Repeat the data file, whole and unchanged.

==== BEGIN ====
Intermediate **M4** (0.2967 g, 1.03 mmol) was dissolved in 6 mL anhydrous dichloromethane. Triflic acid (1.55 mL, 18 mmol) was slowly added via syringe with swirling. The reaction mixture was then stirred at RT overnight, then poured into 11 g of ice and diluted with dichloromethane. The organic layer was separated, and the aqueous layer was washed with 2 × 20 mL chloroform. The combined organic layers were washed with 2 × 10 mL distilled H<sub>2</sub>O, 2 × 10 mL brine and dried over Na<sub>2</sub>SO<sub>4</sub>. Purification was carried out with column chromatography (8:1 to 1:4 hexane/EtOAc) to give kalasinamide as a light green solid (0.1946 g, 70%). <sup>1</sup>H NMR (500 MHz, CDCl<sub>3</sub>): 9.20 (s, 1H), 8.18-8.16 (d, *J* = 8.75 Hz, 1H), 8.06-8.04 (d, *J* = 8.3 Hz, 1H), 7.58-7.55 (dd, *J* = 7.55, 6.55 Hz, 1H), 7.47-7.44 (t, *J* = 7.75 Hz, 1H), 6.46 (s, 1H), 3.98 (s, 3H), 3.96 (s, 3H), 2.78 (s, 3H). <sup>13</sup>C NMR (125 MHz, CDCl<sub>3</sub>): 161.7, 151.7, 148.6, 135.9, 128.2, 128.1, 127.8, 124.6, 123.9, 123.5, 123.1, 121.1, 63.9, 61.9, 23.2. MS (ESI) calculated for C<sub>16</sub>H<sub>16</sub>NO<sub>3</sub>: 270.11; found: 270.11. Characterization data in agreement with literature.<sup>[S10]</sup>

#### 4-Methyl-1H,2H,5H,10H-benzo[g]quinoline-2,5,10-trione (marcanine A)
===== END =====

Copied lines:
Intermediate **M4** (0.2967 g, 1.03 mmol) was dissolved in 6 mL anhydrous dichloromethane. Triflic acid (1.55 mL, 18 mmol) was slowly added via syringe with swirling. The reaction mixture was then stirred at RT overnight, then poured into 11 g of ice and diluted with dichloromethane. The organic layer was separated, and the aqueous layer was washed with 2 × 20 mL chloroform. The combined organic layers were washed with 2 × 10 mL distilled H<sub>2</sub>O, 2 × 10 mL brine and dried over Na<sub>2</sub>SO<sub>4</sub>. Purification was carried out with column chromatography (8:1 to 1:4 hexane/EtOAc) to give kalasinamide as a light green solid (0.1946 g, 70%). <sup>1</sup>H NMR (500 MHz, CDCl<sub>3</sub>): 9.20 (s, 1H), 8.18-8.16 (d, *J* = 8.75 Hz, 1H), 8.06-8.04 (d, *J* = 8.3 Hz, 1H), 7.58-7.55 (dd, *J* = 7.55, 6.55 Hz, 1H), 7.47-7.44 (t, *J* = 7.75 Hz, 1H), 6.46 (s, 1H), 3.98 (s, 3H), 3.96 (s, 3H), 2.78 (s, 3H). <sup>13</sup>C NMR (125 MHz, CDCl<sub>3</sub>): 161.7, 151.7, 148.6, 135.9, 128.2, 128.1, 127.8, 124.6, 123.9, 123.5, 123.1, 121.1, 63.9, 61.9, 23.2. MS (ESI) calculated for C<sub>16</sub>H<sub>16</sub>NO<sub>3</sub>: 270.11; found: 270.11. Characterization data in agreement with literature.<sup>[S10]</sup>

#### 4-Methyl-1H,2H,5H,10H-benzo[g]quinoline-2,5,10-trione (marcanine A)